Author:Kuhlenbeck, Mike

The 2018 election of Far-Right politician Jair Bolsonaro to the presidency shook the Federative Republic of Brazil and rippled across the globe in a way similar to the Shockwave caused by the US election of Donald Trump two years earlier. Supported by the "law and order" lobby, economic elites, and evangelical leaders, Bolsonaro's victory was seen as a threat to human rights and to the country's volatile democracy. Since taking office, he has been trying to make good on those threats.

Brazil is the fifth largest country in the world, as well as the largest economic force in South America. One of the most diverse societies globally (with a population over 211 million people) is now being led by a man who promotes military dictatorship, violence against political opponents, and strengthening the rule of the rich at the expense of the poor and the oppressed.

Wrapping himself in the Brazilian flag (figuratively speaking), Bolsonaro preached a political gospel of liberating the country from socialism, from "gender ideology," and from "political correctness" with his inaugural speech on January 1, 2019. He called on "each congressperson to help me in the mission of rebuilding and restoring our homeland." The term "homeland" here has more sinister connotations than "patriotic populism"--it's a move into fascist territory. His vision of a country "whitened by iron and fire" is a more obvious example of such rhetoric.

Bolsonaro won the popular vote in both rounds of the 2018 election, which were held on October 7 and 28. To many on the outside, what transpired was a demonstration of Brazil's democracy in action, that it was the people's will to elect Bolsonaro and those who share his views. Others viewed the results as a protest against the Workers' Party (PT), which led the country for thirteen years under presidents Luiz Inacio Lula da Silva (2003-2011), popularly known as Lula, and Dilma Rousseff (2011-2016). But, as usual, there is so much more to the story.

From Army Captain to Career Politician

Jair Messias Bolsonaro was born in Campinas, Brazil, on March 21, 1955. He attended the Preparatory School of the Brazilian Army, graduated from the Agulhas Negras Military Academy in 1977, and went on to serve in the Brazilian Army, rising to the rank of captain. Shortly after leaving the army, he was elected to a seat on the Rio de Janeiro city council in 1989. Two years later, he represented Rio de Janeiro in the federal Chamber of Deputies in the first of seven consecutive terms. His thirty-year career in politics had been, for the most part, unremarkable.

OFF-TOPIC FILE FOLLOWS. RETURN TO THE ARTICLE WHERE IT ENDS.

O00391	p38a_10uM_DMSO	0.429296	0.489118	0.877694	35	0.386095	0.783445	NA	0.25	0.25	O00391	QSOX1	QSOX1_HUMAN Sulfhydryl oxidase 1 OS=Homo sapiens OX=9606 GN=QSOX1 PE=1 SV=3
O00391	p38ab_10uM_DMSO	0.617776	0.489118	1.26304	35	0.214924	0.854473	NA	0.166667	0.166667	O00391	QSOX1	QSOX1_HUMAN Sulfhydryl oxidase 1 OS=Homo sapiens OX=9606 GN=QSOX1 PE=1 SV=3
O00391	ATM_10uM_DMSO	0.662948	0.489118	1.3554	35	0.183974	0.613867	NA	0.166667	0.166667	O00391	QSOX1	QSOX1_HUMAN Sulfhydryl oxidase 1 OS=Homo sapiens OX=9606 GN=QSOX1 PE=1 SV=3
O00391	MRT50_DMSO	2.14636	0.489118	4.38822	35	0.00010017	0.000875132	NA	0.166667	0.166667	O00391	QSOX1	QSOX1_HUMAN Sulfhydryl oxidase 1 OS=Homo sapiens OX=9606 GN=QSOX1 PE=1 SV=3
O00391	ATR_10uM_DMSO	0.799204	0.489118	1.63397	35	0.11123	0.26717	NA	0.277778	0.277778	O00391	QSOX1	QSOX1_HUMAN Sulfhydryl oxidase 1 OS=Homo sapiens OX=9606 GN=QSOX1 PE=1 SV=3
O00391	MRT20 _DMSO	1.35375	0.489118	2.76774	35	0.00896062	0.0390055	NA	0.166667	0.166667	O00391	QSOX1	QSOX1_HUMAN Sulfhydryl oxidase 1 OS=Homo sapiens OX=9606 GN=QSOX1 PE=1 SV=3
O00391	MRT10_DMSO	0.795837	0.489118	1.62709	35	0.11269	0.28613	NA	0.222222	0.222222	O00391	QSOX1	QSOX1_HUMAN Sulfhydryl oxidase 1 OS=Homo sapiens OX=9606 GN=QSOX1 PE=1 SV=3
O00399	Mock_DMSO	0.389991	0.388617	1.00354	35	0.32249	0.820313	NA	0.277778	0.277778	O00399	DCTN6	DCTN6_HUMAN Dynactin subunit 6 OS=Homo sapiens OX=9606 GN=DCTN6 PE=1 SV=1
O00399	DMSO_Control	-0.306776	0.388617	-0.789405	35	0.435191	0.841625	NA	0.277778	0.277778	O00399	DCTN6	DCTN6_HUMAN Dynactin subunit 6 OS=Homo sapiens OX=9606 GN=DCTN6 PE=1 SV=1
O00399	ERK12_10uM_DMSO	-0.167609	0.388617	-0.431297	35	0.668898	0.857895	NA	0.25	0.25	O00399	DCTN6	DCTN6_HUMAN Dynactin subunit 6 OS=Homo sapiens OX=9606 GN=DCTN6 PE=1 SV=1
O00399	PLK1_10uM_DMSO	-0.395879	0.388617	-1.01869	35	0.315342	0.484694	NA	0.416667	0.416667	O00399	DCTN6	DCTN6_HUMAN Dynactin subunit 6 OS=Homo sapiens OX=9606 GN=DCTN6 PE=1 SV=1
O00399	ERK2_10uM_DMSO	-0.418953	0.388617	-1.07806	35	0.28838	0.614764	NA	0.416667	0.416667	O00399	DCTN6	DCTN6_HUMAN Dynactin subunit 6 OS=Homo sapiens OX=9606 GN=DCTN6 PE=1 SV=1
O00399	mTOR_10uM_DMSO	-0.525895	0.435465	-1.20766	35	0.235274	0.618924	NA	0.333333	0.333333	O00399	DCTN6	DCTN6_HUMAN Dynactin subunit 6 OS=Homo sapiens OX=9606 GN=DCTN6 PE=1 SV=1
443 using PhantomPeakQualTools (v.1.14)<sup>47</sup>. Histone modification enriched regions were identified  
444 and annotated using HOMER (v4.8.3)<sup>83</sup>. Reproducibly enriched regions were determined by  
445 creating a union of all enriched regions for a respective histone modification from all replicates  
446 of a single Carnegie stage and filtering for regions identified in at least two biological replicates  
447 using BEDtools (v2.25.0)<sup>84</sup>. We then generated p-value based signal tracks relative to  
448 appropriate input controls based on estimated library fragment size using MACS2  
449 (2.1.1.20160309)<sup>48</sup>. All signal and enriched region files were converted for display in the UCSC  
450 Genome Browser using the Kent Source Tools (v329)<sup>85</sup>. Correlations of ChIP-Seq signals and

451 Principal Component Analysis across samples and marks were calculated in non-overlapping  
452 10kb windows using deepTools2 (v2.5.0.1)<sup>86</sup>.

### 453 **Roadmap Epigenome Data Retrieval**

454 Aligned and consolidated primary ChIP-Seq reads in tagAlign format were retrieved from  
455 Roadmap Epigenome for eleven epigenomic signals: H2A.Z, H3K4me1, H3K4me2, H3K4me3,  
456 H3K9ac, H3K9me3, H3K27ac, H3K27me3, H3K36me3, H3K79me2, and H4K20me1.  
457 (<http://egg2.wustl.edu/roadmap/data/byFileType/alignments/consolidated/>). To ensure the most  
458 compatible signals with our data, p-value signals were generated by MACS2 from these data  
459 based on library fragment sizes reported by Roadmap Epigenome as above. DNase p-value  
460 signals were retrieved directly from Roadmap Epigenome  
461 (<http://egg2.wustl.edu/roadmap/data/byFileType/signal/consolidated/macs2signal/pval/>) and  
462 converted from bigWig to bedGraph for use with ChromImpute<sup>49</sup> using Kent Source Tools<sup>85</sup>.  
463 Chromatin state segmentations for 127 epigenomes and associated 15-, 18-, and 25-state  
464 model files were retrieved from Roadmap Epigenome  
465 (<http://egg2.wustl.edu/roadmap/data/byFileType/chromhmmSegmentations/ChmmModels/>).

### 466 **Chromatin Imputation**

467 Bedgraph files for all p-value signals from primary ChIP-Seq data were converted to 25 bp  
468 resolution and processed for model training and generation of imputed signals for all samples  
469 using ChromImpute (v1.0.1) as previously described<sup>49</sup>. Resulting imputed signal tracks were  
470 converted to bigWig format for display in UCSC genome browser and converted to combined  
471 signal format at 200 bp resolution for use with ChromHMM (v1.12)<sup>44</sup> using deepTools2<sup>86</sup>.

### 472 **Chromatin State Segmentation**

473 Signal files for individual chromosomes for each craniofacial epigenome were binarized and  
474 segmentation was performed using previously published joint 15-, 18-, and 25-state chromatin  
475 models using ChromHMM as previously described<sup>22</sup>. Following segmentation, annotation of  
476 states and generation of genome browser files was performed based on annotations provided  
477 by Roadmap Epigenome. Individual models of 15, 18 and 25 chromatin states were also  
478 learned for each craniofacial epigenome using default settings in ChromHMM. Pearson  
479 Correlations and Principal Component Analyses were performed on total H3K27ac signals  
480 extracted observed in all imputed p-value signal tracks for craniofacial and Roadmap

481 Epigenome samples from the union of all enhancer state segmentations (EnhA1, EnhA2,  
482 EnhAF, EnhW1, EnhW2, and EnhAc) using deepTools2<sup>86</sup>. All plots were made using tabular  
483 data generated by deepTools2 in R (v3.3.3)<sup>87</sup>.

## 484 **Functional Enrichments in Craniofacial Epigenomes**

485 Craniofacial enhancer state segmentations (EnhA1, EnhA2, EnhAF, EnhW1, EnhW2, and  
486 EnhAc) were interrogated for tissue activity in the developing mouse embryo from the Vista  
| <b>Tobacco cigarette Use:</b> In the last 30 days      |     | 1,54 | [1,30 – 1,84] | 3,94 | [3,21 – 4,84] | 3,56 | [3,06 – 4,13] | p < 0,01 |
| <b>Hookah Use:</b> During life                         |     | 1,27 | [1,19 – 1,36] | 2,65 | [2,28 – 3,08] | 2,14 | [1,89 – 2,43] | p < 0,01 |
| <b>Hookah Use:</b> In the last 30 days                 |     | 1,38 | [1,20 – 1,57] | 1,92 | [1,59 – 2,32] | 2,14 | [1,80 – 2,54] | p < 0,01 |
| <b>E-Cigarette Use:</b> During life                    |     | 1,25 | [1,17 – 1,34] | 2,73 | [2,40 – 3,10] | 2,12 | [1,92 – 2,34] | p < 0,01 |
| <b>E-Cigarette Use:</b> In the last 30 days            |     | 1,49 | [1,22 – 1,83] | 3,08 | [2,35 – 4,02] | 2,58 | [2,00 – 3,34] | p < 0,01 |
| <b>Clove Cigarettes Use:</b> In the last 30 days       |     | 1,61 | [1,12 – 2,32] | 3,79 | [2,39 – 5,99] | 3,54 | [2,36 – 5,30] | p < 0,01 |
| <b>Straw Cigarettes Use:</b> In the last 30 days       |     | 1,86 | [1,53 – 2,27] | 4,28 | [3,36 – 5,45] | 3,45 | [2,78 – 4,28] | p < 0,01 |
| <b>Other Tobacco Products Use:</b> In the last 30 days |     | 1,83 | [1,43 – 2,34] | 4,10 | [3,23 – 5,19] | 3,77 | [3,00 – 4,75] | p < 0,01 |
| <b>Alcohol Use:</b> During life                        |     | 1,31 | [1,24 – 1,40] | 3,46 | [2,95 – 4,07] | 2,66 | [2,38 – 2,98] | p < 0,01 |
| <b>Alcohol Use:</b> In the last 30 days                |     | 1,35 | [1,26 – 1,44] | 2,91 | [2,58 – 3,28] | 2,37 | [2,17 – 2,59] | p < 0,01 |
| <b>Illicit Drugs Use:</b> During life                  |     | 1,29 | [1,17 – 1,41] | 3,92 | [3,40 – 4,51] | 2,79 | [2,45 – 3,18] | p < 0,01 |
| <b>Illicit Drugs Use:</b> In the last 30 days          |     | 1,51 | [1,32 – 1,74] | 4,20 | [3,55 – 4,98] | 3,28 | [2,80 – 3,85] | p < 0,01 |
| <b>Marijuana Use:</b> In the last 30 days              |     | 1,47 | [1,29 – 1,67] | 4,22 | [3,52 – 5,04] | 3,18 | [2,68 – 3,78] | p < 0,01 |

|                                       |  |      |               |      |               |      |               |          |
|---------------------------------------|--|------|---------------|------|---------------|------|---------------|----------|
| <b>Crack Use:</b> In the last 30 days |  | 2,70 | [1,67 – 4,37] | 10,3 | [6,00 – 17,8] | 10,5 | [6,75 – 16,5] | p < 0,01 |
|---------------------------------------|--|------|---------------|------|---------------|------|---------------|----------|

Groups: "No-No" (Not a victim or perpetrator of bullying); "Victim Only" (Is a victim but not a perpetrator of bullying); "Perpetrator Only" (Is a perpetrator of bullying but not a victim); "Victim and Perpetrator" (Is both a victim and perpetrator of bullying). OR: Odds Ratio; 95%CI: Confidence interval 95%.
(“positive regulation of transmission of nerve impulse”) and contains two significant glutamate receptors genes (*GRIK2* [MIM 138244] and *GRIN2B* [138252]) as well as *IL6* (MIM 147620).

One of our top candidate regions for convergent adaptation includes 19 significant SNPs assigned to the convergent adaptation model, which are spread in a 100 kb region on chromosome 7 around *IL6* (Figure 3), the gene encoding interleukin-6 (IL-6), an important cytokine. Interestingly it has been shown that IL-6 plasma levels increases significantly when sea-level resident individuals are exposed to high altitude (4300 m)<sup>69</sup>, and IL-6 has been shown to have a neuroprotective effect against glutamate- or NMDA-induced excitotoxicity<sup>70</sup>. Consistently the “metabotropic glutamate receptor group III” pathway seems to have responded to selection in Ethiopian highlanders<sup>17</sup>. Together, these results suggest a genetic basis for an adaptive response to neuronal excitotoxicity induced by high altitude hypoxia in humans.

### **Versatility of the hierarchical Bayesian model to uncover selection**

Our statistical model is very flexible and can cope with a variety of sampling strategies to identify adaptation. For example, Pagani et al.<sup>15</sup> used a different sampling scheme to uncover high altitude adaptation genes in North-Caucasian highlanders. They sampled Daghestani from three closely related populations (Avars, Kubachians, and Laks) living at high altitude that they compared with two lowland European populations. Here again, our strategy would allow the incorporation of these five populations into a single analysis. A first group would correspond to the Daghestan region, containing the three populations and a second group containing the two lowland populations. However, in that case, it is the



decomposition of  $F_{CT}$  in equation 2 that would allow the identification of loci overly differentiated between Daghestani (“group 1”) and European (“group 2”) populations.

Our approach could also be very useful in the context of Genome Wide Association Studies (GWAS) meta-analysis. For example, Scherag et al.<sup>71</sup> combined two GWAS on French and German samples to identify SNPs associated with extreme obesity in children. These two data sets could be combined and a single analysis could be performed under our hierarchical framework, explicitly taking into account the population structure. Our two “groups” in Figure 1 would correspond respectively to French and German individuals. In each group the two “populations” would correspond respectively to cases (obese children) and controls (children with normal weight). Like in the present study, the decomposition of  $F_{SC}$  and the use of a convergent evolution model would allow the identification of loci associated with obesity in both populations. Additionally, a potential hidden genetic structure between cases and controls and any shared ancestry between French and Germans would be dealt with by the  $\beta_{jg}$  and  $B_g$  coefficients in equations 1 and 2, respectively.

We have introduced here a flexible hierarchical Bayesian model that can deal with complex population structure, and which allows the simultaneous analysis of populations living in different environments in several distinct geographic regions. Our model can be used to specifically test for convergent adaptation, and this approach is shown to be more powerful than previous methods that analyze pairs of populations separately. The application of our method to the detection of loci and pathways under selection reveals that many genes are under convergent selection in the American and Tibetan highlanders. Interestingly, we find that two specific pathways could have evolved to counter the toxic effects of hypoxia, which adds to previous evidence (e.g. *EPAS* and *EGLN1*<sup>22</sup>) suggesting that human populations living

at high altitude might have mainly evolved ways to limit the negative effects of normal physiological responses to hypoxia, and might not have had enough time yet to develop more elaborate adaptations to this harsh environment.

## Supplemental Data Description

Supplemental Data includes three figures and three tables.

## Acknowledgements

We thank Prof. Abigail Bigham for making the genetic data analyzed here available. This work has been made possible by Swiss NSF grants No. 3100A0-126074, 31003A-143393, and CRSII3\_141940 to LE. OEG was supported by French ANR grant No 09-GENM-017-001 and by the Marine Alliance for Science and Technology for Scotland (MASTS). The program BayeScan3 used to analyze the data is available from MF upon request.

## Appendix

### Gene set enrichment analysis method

An ineffective legislator with very few bills listed to his credit, Bolsonaro was widely viewed as a fringe character--so much so, that Rio de Janeiro's largest newspaper, Globo, printed cartoons depicting him as a dinosaur wearing army boots. During this time, he displayed the personal thuggery and political extremism he would later use to construct his future presidential platform, as evidenced by numerous inflammatory statements.

In 2014 Bolsonaro told Chamber of Deputies member Maria do Rosario, "I wouldn't rape you because you don't deserve it," and later told a local newspaper she was "too ugly" to sexually assault. Back in 2011, he said he "would be incapable of loving a homosexual son." When speaking about immigrants in 2015, he said, "The scum of the earth is showing up in Brazil, as if we didn't have enough problems of our own to sort out." On the subject of human rights, he said in 1999, "I am in favor of torture, you know that. And the people are in favor as well."

In a 1993 speech to the Chamber of Federal Deputies, Bolsonaro did not mince words when revealing the true foundation of his political beliefs, scorning the very system that granted him his seat in the first place: "I am in favor of a dictatorship. We will never resolve serious national problems with this irresponsible democracy"

A 1964 coup established a military dictatorship in Brazil that lasted until 1985, casting a dark cloud over the country for two decades. The regime was responsible for the imprisonment and torture of thousands, as well as the disappearances and deaths of hundreds. While many Brazilians view this period as a time of terror, Bolsonaro has expressed a desire to return the country to such a state. His critics fear he might be successful in this task.

In March 2019, as the fifty-fifth anniversary of the coup was approaching...

To continue reading